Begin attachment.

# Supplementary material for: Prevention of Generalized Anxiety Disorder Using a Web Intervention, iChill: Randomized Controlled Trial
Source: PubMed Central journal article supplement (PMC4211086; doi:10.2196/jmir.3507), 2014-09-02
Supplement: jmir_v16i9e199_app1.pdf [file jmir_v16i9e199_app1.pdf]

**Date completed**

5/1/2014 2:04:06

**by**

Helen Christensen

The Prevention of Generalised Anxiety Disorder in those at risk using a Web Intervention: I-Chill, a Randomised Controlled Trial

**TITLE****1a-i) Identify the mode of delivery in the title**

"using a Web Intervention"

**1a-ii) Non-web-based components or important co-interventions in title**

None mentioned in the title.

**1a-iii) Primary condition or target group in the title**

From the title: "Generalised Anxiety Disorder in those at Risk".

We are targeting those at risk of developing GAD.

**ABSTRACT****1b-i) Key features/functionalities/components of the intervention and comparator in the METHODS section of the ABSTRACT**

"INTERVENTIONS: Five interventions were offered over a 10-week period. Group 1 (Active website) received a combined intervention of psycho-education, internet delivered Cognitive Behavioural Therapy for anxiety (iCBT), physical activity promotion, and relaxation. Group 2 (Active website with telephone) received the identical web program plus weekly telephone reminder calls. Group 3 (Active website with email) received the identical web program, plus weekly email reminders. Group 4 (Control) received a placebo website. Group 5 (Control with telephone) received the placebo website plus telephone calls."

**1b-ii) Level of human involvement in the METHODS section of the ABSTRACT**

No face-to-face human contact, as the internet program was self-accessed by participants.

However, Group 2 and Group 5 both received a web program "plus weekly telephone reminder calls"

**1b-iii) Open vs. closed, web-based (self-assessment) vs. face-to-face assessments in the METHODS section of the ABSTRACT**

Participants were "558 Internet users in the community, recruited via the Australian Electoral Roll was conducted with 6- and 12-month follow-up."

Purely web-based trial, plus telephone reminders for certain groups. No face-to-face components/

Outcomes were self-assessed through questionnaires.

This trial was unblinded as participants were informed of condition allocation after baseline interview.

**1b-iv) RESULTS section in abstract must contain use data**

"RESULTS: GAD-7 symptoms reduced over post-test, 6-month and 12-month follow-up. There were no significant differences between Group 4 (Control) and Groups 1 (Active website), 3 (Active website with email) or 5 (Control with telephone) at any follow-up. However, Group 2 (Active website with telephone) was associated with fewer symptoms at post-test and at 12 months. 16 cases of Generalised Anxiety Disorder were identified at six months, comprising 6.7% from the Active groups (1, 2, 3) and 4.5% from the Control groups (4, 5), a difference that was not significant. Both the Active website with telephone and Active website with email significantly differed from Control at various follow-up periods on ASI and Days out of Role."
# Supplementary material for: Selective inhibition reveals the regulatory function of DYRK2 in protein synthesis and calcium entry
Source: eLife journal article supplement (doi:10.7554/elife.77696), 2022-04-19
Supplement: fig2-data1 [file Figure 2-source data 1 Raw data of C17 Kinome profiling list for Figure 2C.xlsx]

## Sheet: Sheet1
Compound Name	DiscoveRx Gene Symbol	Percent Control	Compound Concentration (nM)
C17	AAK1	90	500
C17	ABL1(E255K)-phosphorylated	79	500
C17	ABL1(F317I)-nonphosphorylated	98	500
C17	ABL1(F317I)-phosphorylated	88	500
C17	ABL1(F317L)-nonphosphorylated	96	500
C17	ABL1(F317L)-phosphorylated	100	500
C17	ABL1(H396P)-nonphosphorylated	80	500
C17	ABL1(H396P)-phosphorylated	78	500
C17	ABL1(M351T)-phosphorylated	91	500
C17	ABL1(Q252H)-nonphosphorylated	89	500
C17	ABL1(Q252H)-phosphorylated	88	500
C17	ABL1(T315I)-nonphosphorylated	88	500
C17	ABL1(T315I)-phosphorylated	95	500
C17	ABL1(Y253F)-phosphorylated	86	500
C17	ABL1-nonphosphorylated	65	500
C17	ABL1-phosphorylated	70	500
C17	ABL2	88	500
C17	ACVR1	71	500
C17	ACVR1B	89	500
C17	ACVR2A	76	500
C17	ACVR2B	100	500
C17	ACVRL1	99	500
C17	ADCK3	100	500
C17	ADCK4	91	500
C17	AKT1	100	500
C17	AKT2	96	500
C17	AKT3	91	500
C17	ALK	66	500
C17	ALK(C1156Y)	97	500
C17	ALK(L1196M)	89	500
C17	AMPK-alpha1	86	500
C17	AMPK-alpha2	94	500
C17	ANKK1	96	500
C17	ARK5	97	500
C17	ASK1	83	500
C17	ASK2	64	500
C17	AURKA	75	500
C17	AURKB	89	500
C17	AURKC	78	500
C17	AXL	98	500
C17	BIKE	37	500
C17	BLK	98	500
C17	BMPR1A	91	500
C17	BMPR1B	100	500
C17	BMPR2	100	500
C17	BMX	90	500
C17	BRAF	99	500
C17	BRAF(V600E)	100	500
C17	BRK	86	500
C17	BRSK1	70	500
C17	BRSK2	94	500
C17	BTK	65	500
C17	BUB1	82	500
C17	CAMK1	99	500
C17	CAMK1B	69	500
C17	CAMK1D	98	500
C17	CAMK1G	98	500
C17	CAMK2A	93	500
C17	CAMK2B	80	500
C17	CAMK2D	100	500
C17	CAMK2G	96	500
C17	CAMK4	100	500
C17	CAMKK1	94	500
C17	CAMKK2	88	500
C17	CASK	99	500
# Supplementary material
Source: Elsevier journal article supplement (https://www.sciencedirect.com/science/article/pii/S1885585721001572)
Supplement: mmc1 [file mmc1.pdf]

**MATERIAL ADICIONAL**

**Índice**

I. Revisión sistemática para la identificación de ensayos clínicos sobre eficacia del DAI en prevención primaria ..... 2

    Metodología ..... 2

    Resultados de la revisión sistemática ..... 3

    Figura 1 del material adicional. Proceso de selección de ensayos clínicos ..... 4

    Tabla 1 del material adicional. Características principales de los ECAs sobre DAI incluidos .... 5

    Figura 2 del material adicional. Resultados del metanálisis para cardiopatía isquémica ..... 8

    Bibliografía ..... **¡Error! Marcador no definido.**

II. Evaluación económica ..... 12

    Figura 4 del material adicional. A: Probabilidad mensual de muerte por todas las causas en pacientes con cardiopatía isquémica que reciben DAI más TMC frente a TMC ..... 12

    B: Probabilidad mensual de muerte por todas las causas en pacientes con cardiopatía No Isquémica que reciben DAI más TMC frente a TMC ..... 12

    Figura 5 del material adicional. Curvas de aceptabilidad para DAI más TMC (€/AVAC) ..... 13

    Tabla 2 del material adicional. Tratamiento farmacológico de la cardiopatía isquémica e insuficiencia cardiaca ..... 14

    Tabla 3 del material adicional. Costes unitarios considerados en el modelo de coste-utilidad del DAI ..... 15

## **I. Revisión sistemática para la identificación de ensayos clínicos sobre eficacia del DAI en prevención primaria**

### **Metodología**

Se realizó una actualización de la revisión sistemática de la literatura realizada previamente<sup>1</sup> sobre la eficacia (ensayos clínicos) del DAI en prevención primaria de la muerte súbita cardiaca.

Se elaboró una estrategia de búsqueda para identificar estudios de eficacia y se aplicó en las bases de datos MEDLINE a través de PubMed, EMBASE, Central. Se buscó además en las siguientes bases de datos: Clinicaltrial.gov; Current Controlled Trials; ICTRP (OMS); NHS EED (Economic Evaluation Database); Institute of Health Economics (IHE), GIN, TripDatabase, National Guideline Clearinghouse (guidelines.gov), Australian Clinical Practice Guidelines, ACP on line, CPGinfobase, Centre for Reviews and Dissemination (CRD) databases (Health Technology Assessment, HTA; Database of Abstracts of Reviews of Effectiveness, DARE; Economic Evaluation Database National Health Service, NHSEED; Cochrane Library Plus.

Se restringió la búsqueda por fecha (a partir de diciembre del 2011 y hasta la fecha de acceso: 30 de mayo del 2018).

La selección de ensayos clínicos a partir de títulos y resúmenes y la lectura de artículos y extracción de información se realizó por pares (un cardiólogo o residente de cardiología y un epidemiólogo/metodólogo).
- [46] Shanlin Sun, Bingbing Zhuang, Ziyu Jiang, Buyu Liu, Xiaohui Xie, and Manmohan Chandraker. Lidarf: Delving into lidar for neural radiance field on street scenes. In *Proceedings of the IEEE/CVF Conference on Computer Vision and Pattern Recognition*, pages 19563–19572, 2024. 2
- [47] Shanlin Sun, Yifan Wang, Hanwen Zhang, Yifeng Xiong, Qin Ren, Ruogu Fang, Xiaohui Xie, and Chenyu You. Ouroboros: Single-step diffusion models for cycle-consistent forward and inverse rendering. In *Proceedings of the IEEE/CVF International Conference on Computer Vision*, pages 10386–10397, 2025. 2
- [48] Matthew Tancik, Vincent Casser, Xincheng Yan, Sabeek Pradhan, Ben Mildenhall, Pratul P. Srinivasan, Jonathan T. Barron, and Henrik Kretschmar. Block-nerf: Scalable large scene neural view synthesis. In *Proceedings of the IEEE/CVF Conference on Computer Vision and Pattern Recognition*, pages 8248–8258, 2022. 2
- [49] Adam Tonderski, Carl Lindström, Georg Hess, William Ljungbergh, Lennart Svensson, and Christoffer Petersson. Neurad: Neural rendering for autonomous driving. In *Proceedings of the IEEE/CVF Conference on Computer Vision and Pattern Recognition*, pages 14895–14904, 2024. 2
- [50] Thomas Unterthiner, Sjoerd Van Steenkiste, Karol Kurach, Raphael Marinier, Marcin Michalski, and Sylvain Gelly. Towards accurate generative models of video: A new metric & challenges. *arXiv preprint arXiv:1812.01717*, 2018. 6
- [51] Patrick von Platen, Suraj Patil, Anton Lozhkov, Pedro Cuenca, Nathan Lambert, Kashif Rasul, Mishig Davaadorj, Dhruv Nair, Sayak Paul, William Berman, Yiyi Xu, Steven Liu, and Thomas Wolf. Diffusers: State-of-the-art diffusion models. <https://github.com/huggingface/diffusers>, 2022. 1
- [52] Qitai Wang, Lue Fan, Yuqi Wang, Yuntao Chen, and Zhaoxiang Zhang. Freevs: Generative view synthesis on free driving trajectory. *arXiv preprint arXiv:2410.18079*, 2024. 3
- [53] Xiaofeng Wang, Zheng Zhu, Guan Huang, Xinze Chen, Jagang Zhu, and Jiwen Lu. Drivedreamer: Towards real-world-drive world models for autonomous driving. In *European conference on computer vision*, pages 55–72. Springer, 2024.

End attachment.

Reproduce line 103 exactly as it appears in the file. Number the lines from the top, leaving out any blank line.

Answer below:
I. Revisión sistemática para la identificación de ensayos clínicos sobre eficacia del DAI en prevención primaria ..... 2